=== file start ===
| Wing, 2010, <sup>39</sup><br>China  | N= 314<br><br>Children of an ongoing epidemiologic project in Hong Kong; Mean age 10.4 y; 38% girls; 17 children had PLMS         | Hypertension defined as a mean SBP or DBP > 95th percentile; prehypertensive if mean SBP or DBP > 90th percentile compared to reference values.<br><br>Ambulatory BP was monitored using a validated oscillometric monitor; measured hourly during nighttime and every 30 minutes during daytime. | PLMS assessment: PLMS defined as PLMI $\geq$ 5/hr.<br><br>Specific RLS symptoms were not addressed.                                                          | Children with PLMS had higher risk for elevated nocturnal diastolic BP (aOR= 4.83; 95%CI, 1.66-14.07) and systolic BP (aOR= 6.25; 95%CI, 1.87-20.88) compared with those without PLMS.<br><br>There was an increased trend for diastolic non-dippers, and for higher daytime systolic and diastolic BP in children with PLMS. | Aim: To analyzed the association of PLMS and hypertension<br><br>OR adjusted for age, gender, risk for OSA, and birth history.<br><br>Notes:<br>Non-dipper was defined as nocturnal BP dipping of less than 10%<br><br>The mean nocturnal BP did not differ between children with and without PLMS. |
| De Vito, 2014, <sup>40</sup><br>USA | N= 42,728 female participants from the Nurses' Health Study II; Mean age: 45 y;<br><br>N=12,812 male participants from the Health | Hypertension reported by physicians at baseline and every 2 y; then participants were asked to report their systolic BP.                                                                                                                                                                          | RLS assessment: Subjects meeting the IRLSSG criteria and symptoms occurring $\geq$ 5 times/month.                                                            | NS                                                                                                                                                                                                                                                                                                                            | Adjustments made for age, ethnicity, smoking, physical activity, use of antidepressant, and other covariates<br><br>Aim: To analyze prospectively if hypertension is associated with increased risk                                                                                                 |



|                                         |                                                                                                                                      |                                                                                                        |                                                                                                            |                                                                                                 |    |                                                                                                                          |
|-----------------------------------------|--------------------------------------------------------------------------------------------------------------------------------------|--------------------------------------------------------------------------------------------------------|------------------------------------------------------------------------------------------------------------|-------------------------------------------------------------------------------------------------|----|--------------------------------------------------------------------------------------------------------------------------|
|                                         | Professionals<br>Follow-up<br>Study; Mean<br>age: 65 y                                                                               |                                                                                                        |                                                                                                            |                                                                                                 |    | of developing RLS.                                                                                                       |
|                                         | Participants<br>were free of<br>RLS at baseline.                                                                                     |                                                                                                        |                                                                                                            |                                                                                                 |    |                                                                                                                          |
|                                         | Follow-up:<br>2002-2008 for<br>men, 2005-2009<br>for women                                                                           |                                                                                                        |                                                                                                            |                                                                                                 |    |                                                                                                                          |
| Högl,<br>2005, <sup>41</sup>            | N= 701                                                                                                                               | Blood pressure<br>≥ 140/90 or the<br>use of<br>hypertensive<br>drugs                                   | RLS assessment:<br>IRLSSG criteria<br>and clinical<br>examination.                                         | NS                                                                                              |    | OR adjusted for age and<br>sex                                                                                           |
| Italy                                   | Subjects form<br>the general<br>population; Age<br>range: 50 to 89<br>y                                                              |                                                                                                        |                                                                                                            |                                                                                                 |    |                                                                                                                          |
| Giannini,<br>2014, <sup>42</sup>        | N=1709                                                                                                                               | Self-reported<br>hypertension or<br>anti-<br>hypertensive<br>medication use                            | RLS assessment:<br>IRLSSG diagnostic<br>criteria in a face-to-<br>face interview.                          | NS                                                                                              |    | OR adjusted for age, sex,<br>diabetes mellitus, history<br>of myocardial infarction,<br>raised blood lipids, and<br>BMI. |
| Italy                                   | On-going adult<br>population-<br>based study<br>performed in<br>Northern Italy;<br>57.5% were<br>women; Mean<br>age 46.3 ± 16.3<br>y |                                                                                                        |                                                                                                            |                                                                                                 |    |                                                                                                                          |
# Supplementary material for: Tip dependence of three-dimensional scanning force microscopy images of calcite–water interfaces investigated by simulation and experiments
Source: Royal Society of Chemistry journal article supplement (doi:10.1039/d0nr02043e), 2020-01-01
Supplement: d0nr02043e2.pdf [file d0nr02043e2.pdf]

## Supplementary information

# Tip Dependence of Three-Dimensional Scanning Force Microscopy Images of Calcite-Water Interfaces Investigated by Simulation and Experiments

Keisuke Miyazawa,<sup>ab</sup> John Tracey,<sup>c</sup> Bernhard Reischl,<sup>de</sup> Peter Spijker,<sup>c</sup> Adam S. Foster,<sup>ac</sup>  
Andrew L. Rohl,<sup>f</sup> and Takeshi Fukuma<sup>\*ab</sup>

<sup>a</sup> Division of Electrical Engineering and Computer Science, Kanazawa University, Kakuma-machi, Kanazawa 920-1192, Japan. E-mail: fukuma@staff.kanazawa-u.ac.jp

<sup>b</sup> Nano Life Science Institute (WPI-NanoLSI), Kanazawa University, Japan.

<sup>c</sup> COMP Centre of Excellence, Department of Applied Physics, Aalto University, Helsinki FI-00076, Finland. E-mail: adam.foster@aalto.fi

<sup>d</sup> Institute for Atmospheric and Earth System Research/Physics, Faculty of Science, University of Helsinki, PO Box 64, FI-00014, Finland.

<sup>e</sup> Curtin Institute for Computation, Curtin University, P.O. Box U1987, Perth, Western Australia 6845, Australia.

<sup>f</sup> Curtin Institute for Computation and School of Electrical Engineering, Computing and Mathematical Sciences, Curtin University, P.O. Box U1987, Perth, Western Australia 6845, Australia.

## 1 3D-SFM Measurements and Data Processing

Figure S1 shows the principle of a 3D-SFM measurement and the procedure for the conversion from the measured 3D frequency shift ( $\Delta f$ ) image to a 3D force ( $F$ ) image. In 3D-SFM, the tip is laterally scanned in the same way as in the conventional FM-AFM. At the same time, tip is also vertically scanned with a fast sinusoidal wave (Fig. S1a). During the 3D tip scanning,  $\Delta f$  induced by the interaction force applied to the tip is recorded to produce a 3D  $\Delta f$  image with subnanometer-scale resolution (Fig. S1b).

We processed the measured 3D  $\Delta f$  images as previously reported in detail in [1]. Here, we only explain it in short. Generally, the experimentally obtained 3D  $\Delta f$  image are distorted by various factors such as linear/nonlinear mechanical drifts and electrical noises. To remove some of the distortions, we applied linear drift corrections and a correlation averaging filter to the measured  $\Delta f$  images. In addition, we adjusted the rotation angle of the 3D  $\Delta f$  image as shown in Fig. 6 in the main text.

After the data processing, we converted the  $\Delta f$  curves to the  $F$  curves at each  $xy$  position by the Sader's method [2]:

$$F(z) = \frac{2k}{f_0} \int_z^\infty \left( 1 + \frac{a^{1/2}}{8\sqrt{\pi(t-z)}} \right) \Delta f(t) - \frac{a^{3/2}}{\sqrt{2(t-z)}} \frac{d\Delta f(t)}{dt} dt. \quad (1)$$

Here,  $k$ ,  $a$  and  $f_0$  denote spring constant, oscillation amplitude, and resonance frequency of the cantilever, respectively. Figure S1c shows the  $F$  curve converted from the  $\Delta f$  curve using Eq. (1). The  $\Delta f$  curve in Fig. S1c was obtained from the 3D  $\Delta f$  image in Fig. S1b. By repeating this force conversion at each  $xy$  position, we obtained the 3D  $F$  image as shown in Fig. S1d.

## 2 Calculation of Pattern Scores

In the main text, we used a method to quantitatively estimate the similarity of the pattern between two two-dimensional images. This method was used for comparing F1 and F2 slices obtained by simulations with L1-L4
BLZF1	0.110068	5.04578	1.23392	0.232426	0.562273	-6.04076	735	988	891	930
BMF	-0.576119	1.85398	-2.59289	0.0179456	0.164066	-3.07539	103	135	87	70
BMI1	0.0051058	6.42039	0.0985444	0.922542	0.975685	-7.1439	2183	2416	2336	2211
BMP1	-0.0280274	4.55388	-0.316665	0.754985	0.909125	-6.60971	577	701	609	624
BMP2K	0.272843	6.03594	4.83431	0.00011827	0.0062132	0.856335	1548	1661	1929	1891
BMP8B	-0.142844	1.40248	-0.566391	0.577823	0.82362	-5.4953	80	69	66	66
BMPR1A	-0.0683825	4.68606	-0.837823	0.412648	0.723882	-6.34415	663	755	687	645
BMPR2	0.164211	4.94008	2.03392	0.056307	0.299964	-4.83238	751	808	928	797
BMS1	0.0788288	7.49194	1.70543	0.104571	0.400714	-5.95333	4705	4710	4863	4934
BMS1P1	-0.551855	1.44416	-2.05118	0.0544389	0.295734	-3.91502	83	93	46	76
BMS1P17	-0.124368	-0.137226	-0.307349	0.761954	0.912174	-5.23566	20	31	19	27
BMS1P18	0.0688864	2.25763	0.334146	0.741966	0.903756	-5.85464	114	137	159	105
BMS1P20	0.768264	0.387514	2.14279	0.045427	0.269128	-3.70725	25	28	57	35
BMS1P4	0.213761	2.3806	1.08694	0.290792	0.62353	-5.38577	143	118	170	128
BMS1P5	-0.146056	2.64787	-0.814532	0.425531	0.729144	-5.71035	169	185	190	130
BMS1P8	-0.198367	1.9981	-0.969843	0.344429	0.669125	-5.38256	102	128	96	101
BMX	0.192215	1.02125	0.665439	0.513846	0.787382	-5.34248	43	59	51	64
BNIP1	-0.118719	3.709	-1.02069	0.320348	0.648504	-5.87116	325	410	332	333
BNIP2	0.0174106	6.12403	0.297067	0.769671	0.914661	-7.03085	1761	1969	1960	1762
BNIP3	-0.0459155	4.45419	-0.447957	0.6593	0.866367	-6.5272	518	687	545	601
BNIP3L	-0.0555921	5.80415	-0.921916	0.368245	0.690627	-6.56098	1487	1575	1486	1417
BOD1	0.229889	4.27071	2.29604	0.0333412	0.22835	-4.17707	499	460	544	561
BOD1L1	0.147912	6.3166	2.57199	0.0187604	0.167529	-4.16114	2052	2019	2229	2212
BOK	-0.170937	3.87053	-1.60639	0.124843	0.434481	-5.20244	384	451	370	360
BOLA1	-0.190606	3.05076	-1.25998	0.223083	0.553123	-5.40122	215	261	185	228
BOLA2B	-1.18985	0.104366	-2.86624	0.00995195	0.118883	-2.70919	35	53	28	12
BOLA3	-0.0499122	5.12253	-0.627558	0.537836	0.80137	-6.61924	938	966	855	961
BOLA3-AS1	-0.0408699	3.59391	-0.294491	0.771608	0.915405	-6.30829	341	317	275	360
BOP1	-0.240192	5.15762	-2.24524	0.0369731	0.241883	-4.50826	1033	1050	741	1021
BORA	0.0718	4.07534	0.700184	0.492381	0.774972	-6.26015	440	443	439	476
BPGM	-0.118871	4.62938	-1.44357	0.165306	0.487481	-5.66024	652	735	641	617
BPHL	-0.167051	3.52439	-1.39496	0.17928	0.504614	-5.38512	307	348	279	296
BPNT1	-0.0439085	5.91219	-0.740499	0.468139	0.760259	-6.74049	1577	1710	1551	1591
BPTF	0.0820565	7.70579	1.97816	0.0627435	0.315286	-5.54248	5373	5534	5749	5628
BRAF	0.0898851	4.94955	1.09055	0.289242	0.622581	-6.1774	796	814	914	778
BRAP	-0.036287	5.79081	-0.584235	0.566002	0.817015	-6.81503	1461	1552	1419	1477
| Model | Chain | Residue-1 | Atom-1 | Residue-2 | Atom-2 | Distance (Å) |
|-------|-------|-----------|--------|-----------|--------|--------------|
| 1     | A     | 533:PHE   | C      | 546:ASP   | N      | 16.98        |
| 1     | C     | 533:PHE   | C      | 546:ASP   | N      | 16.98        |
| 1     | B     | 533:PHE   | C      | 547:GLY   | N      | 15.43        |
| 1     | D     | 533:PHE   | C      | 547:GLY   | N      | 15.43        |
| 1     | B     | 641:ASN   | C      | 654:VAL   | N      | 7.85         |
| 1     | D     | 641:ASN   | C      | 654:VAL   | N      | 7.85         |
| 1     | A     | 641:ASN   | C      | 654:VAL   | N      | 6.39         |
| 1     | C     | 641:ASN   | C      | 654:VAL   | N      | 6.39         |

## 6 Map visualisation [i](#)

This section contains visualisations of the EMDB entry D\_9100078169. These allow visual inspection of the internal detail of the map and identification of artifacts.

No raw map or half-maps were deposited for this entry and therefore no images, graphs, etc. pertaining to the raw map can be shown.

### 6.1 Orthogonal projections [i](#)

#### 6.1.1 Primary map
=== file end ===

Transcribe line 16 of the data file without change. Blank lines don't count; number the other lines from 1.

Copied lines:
# Tip Dependence of Three-Dimensional Scanning Force Microscopy Images of Calcite-Water Interfaces Investigated by Simulation and Experiments